4

I was going through the sentences and explanations of "言っておく" when "言っておくと" caught my eye. It repeatedly showed up as an alternative to "言っておくけど". I think けど here is somewhat like "you know" in English. But as for と I really can't think of any usage that could fit in with the sentence. (Not if/when/quotation, definitely not and/with, and then I am baffled...)

言っておくと、私明日来ないからね

言っておくと、あいつ俺の妹だからね。

言っておくけど、ロスでは車が必要だよ。

  • 1
    For anyone who didn't know, 「ロス」 means "L.A." in the last example sentence above. – l'électeur Nov 14 at 14:02
6

「言っておく、~~~。」

simply means:

"Just so you know, ~~~."

The 「と」 here is a conjunctive particle used to form a light and casual kind of introduction before stating the main point.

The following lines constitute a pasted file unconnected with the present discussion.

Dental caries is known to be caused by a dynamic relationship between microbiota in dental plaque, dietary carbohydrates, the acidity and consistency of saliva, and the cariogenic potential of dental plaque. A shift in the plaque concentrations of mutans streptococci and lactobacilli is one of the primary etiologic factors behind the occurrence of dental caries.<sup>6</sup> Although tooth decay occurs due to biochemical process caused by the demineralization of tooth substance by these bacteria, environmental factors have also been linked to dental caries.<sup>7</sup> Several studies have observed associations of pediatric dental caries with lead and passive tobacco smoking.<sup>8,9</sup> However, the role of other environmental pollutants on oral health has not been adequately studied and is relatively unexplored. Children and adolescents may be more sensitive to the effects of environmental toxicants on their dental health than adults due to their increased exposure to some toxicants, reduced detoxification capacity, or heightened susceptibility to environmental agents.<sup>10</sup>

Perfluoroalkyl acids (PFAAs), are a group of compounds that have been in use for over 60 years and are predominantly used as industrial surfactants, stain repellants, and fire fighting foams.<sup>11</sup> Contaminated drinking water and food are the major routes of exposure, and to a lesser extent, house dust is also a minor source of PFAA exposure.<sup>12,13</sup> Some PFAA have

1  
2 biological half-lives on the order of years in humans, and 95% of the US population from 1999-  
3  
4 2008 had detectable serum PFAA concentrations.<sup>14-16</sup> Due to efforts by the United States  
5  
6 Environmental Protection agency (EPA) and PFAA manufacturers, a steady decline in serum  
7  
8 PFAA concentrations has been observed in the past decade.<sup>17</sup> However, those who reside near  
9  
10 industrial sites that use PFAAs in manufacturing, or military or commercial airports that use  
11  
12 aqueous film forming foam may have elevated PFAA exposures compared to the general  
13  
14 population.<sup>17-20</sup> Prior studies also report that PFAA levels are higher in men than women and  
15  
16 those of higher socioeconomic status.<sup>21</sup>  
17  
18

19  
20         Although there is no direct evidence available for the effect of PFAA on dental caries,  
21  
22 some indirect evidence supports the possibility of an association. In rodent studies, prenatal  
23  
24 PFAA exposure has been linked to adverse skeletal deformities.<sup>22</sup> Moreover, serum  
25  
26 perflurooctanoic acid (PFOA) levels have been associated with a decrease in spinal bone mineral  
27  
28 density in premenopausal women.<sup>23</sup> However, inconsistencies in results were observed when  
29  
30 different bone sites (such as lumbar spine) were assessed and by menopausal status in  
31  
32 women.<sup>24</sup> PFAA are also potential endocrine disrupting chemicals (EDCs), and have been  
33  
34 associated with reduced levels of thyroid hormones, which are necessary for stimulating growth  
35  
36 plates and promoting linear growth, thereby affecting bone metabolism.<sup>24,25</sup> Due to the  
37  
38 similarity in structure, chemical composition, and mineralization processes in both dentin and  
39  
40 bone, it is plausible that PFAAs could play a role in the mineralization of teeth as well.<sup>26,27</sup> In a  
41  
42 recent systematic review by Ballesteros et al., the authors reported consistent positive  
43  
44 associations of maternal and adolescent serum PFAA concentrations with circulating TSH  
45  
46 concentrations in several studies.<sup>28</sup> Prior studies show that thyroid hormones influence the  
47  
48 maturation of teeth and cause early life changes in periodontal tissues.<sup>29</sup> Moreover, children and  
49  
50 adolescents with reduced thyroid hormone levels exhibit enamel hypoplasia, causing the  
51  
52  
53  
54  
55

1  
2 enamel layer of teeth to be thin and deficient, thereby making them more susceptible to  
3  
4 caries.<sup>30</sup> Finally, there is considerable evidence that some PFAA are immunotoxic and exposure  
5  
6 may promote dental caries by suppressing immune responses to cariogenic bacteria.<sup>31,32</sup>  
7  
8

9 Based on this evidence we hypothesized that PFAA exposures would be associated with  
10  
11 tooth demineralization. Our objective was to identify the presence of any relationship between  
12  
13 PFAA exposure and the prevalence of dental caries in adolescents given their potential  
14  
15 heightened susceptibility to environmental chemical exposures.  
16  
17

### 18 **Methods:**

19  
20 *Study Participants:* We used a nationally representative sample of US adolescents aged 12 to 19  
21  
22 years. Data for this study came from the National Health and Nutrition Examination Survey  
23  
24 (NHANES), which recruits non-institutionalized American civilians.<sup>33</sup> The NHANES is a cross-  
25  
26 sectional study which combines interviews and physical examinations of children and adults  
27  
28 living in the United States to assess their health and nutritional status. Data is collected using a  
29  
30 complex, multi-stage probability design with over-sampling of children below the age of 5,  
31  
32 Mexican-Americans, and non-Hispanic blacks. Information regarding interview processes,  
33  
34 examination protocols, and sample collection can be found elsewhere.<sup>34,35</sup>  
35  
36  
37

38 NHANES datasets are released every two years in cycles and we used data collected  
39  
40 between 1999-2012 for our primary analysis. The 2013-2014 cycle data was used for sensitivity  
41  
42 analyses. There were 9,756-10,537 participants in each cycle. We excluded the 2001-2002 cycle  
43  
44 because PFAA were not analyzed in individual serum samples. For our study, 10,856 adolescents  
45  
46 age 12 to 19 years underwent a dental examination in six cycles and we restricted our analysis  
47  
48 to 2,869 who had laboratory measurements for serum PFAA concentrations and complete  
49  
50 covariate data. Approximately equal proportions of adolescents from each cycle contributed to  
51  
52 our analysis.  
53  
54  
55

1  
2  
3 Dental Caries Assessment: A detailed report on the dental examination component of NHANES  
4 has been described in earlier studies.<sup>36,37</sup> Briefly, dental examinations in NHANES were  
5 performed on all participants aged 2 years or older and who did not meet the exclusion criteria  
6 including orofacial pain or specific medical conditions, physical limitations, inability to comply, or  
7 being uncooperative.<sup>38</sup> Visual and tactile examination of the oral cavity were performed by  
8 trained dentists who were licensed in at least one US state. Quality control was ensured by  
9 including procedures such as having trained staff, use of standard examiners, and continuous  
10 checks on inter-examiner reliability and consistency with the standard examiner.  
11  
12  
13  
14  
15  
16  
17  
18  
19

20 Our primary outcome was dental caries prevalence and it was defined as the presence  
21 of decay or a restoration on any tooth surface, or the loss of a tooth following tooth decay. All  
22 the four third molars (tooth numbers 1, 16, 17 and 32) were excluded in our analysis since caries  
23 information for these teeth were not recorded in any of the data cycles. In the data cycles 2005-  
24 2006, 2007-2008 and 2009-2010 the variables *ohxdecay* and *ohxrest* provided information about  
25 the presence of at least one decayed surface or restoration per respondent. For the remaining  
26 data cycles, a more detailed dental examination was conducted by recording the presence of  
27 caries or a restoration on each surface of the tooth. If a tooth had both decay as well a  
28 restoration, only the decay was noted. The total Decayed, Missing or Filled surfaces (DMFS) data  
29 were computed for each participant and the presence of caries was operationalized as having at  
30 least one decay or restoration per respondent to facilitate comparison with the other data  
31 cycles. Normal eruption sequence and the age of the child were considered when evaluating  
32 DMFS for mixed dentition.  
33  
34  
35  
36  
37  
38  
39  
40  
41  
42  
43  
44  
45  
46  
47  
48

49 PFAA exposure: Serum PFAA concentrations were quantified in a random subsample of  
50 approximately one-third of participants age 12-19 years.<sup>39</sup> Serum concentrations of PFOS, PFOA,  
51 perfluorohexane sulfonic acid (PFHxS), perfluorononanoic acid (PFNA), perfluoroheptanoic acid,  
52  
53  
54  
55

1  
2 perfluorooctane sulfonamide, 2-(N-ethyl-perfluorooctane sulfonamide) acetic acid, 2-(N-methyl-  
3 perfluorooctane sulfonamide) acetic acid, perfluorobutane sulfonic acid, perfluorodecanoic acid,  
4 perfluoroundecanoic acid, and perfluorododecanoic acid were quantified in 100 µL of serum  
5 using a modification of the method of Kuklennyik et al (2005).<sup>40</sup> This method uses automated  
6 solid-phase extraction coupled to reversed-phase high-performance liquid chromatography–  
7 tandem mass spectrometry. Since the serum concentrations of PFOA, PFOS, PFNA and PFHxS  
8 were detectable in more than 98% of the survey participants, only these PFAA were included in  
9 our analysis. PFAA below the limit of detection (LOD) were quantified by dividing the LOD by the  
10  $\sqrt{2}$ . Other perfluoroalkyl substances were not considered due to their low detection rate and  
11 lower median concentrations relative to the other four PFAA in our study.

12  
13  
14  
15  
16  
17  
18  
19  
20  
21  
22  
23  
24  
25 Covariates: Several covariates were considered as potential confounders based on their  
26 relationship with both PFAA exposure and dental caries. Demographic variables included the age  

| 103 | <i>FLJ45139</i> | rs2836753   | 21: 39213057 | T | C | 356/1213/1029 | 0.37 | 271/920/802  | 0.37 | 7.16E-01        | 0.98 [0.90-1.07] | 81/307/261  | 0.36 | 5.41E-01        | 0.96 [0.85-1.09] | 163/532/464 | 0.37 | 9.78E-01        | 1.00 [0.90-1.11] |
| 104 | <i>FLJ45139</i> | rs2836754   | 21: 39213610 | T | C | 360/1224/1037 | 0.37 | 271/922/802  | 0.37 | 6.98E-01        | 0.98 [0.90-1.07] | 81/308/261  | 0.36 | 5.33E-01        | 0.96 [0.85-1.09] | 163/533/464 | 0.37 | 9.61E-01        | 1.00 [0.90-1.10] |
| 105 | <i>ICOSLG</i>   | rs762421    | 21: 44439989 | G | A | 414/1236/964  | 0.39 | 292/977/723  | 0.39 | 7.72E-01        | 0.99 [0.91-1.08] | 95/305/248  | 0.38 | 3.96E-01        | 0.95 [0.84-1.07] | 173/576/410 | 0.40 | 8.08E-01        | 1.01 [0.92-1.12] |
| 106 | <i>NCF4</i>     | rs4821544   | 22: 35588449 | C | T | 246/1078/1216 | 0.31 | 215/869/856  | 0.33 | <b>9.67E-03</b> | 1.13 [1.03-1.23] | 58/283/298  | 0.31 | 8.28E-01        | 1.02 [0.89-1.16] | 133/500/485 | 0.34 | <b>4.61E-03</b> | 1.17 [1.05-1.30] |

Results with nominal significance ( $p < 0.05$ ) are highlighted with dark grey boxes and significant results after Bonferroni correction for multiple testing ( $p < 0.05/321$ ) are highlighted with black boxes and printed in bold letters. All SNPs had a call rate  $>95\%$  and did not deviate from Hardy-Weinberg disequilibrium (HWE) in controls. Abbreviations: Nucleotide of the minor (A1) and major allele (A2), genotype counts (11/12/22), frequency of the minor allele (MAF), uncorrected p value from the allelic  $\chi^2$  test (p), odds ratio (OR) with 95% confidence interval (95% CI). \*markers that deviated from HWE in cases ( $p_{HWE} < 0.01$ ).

Thus, 「言っておく」 and 「言っておくけど」 mean fairly different things from each other in that the latter is used when you want to warn or caution the listener in advance about something that will be stated only a second after.

「言っておくけど」 generally has the nuance of "I've got to warn/tell you beforehand that ~~~."

  • I guess this usage of と is not the kind you can find in a dictionary, but obtained through something like 語感/ニュアンス? Anyway, thanks a lot! – Cassandra Nov 14 at 14:03
  • By the way, I saw one more sentence this morning: 外で出てみると、うっすらと雪が積もっていました。I think the と here in the first half of the sentence also means the same thing you mentioned above right? – Cassandra Nov 15 at 3:57

Your Answer

By clicking “Post Your Answer”, you agree to our terms of service, privacy policy and cookie policy

Not the answer you're looking for? Browse other questions tagged or ask your own question.